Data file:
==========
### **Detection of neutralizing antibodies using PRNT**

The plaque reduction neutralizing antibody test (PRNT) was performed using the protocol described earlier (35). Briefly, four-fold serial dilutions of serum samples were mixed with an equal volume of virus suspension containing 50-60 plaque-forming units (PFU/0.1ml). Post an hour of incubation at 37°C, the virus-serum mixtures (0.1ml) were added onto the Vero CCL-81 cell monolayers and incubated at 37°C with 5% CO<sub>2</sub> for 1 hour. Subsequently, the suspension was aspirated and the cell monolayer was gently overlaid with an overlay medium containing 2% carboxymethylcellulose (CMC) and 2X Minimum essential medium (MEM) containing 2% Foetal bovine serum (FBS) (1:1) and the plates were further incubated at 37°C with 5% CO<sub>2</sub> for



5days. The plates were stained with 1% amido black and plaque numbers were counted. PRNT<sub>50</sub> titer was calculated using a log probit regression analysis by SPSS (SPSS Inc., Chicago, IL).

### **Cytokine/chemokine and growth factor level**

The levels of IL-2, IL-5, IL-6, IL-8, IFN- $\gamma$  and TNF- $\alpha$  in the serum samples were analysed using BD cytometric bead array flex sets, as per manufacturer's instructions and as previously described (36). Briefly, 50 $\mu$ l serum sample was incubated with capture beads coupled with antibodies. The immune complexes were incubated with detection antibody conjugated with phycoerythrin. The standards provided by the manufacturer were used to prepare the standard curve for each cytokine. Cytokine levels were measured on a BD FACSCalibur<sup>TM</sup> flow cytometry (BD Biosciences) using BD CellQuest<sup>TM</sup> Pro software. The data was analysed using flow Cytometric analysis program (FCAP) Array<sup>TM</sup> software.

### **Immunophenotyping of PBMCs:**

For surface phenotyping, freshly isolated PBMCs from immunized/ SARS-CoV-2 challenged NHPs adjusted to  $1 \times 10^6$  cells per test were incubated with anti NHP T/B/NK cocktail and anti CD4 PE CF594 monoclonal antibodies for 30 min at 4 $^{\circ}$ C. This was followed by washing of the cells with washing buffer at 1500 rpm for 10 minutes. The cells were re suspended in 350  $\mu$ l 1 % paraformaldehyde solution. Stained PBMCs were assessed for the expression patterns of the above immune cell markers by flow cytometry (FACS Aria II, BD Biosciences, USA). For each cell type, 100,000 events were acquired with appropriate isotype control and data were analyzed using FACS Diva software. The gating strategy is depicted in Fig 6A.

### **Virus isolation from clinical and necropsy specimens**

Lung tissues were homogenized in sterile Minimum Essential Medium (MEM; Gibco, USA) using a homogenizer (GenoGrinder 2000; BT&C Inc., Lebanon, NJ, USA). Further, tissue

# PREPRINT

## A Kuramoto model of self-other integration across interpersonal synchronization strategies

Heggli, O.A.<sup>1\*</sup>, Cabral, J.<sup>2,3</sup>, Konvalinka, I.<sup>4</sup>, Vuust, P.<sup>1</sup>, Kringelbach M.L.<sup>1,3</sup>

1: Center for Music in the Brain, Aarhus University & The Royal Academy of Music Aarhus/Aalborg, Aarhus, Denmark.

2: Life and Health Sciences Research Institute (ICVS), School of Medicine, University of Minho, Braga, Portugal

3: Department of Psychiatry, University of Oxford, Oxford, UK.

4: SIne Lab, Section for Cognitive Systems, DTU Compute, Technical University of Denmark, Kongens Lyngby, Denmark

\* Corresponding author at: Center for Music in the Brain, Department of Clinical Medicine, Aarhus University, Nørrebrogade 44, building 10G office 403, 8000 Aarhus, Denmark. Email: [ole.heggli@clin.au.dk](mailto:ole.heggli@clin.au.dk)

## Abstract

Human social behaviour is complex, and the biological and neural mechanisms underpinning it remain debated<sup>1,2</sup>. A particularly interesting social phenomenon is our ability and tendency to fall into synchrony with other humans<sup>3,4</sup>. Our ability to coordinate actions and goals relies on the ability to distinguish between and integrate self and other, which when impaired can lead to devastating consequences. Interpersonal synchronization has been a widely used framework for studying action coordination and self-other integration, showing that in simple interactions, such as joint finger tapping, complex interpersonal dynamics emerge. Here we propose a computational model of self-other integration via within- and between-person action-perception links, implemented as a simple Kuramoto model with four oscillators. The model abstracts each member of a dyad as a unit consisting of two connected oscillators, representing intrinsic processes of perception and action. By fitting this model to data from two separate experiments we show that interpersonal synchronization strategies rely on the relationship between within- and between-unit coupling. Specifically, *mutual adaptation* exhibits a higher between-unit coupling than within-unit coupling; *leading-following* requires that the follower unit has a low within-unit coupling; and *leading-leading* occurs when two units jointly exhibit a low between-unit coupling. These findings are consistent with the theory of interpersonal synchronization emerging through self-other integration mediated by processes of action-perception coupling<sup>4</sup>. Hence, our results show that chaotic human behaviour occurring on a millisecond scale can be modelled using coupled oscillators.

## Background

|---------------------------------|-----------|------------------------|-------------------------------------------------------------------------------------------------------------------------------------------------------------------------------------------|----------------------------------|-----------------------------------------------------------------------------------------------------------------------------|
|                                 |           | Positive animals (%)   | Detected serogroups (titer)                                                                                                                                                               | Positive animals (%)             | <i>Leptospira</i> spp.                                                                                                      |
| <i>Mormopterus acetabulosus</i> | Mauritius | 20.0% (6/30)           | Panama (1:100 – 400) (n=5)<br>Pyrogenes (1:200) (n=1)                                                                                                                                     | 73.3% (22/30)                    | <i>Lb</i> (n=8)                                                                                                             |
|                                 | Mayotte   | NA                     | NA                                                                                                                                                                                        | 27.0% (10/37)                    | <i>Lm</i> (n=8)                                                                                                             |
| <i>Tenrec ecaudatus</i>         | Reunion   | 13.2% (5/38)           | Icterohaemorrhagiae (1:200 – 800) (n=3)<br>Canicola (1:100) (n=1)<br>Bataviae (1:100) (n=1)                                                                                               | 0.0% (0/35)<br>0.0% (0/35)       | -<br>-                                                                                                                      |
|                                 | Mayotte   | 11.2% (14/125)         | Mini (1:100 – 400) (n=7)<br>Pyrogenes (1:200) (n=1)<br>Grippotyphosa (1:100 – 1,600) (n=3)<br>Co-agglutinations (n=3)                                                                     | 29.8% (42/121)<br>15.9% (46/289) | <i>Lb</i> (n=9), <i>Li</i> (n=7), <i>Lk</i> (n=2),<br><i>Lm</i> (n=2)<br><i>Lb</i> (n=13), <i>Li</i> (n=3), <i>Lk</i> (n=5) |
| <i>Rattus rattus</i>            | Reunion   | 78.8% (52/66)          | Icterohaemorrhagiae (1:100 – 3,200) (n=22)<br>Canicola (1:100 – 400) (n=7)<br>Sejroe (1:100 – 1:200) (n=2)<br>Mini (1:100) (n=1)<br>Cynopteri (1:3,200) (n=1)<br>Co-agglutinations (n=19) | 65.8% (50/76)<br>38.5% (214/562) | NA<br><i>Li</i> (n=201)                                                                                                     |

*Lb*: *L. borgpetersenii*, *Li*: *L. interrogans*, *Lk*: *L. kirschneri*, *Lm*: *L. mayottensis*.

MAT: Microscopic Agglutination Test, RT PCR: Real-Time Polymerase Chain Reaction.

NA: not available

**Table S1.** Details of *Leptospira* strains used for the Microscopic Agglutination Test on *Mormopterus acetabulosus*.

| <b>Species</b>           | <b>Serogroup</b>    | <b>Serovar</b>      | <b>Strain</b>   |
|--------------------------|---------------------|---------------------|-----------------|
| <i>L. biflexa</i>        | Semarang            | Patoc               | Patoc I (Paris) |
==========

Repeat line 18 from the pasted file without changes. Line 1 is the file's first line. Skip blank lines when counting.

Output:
## Abstract